Biden Executive Order Will Try To Address Some 'Right To Repair' Harms
from the you-don't-own-what-you-buy dept
Back in 2015, frustration at John Deere’s ham-fisted repair restrictions and draconian tractor DRM helped birth a grassroots tech movement dubbed “right to repair.” The company’s crackdown on “unauthorized repairs” turned countless ordinary citizens into technology policy activists, after onerous restrictions not only significantly drove up repair costs, but forced owners to often haul their equipment hundreds or thousands of miles to an authorized repair location.
John Deere’s multi-year promise to do a better job providing access to tools, documentation, and repair options simply never materialized. And of course John Deere is just one of numerous companies engaged in this kind of behavior across numerous sectors, driving major public support for proposed legislation in more than a dozen states that would put a major dent in technology repair monopolies.
In a small win for farmers and right to repair advocates, Biden is apparently planning to include some right to repair mandates in an upcoming executive order on competition. The order itself will urge the FTC to craft tighter rules to address the problem:
“U.S. President Joe Biden wants the Federal Trade Commission to limit the ability of farm equipment manufacturers to restrict tractor owners from using independent repair shops or complete some repairs on their own, a source briefed on the matter told Reuters Tuesday. Biden’s planned executive order on competition, expected to be released in the coming days, will encourage the FTC to address the issue, the source said. Some tractor manufacturers like Deere & Co use proprietary repair tools and software to prevent third parties from performing some repairs. Deere and the FTC did not immediately comment.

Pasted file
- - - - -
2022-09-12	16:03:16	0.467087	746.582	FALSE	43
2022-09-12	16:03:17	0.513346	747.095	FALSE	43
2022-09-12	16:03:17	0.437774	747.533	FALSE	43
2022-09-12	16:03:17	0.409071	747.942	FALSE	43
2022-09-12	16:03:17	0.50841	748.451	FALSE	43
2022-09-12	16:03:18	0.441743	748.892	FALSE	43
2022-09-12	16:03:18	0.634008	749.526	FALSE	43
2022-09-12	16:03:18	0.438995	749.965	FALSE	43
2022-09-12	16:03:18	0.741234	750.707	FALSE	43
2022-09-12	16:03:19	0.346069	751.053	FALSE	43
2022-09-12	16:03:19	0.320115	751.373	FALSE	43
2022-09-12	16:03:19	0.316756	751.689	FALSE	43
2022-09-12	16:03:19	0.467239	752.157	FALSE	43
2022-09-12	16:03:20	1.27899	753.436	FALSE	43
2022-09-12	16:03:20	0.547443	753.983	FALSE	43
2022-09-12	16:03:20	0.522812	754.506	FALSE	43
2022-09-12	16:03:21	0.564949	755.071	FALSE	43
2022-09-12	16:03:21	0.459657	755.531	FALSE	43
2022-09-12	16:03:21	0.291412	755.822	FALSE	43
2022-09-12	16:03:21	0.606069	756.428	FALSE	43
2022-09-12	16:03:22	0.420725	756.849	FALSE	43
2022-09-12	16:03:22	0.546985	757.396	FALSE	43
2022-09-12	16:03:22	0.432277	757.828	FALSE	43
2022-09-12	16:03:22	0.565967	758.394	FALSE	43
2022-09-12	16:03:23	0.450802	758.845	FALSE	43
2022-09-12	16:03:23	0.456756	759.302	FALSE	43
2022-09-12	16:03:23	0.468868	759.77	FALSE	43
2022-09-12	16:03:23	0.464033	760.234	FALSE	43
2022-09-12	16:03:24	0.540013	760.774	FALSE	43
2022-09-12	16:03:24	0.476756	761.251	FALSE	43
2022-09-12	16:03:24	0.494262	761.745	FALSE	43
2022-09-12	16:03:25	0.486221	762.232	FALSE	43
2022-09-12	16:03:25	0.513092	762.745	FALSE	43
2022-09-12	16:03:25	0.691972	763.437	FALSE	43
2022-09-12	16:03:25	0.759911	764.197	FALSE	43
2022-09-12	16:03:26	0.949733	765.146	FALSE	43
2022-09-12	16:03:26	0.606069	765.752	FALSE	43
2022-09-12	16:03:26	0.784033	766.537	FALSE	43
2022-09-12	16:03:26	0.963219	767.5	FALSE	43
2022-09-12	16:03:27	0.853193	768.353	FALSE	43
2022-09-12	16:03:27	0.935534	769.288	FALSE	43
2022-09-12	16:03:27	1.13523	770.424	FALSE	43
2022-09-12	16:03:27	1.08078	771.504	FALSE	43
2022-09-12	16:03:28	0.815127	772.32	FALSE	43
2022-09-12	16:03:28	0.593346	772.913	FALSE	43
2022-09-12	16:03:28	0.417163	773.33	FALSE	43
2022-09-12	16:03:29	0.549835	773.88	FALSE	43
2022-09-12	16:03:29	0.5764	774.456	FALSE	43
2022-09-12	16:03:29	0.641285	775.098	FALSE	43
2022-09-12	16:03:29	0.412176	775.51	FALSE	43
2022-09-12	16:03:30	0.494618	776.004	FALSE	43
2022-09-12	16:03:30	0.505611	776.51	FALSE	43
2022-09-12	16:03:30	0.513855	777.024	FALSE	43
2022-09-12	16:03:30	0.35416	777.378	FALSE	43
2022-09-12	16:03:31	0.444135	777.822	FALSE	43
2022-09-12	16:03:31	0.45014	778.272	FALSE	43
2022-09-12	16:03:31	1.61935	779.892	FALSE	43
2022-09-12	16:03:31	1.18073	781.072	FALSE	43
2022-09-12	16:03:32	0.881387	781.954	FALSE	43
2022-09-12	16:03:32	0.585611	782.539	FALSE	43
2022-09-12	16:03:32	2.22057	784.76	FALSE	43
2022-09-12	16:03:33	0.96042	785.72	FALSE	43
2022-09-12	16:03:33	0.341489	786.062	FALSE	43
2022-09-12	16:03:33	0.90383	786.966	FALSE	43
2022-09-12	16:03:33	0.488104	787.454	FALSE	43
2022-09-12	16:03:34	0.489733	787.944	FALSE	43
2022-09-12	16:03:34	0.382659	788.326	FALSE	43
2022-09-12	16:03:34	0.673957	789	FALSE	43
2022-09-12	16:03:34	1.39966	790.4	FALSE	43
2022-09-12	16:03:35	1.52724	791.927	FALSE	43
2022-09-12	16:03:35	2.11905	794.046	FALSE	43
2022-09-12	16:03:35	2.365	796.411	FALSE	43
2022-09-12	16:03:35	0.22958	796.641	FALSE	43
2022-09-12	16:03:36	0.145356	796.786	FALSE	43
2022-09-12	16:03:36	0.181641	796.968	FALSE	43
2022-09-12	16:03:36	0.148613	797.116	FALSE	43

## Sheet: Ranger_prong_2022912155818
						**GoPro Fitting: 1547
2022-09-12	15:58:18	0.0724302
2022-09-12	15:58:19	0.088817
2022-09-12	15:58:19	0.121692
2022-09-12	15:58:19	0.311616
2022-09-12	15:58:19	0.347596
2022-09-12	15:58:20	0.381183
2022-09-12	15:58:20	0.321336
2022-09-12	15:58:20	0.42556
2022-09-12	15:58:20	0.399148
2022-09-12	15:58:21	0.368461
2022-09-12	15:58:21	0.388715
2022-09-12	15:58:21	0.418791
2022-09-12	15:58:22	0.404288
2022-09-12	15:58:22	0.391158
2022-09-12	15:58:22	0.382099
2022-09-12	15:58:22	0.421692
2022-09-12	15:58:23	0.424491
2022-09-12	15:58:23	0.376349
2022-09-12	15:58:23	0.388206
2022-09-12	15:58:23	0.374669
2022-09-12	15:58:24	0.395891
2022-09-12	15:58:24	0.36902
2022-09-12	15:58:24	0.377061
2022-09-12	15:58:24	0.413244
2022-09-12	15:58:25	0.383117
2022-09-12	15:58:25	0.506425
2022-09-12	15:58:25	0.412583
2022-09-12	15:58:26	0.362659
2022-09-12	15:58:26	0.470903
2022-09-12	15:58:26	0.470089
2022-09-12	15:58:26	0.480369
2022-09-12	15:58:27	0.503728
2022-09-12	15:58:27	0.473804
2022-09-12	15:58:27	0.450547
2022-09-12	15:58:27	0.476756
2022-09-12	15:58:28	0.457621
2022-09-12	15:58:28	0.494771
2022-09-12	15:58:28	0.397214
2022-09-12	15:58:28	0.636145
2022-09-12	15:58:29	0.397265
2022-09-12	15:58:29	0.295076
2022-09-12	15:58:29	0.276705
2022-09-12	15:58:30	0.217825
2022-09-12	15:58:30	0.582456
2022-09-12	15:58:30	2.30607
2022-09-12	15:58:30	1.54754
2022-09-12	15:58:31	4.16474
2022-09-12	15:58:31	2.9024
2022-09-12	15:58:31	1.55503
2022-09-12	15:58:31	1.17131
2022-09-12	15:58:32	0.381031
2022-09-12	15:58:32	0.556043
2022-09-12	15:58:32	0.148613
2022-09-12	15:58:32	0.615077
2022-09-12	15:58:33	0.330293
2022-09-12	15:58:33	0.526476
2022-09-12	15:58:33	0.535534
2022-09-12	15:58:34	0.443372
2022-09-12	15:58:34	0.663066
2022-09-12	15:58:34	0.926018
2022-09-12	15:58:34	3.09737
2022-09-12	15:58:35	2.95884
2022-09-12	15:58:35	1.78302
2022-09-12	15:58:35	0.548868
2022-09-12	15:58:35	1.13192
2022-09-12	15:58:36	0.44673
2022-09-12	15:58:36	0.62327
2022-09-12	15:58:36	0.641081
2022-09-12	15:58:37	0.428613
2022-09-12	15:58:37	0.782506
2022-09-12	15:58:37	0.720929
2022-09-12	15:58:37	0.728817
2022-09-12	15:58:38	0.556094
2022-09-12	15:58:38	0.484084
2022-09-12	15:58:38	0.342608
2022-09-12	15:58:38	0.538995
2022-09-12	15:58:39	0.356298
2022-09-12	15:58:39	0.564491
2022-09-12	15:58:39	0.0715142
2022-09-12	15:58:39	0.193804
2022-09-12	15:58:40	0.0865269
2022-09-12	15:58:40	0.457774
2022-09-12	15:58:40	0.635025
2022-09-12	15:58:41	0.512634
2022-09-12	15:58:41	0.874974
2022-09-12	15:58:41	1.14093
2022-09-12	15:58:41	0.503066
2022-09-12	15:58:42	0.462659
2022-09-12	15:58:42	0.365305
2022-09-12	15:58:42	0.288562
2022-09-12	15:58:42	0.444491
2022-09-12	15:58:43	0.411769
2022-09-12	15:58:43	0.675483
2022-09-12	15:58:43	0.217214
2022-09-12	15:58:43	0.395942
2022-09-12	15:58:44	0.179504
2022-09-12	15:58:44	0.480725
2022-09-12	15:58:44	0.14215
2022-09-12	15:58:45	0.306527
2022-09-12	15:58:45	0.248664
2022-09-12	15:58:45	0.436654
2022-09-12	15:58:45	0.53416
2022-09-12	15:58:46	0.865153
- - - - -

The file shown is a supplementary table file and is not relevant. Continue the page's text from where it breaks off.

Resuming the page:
The problem is that the FTC’s rule creation and enforcement authority is arguably narrow under the FTC Act (not to mention limited by funding and staffing constraints). Most of the agency’s enforcement authority rests on whether something is clearly “unfair and deceptive.” But most repair monopolies, like Apple, obfuscate their greed by insisting onerous repair restrictions are necessary to protect consumer safety and security. Ideally you’d prefer clear and well crafted state and federal laws, but companies like Apple have worked overtime to insist such legislation would also harm the public.
In 2017, Apple insisted that passing a right to repair law in Nebraska would turn the state into a “mecca for hackers.” More recently, the auto industry tried to claim that expanding Massachusetts’ existing consumer tech law, to make sure that independent garages could access tools and diagnostic gear, would result in a “boom in sexual predators.” Sony, Microsoft, and others eager to monopolize repair options for their game consoles can routinely be found making the same or similar arguments about how better consumer protection would create a parade of unforeseen horribles.
But a recent bipartisan FTC report found that the majority of the claims coming from companies like Apple were false (the company bullies independent repair shop owners to protect revenues, not out of some broad altruism). The report went on to note that stricter state and federal laws and tougher antitrust enforcement would go a long way toward addressing this kind of behavior. In other words, even the FTC acknowledges it’s going to take more than just an EO punting the problem to the FTC if right to repair reform is to be taken seriously.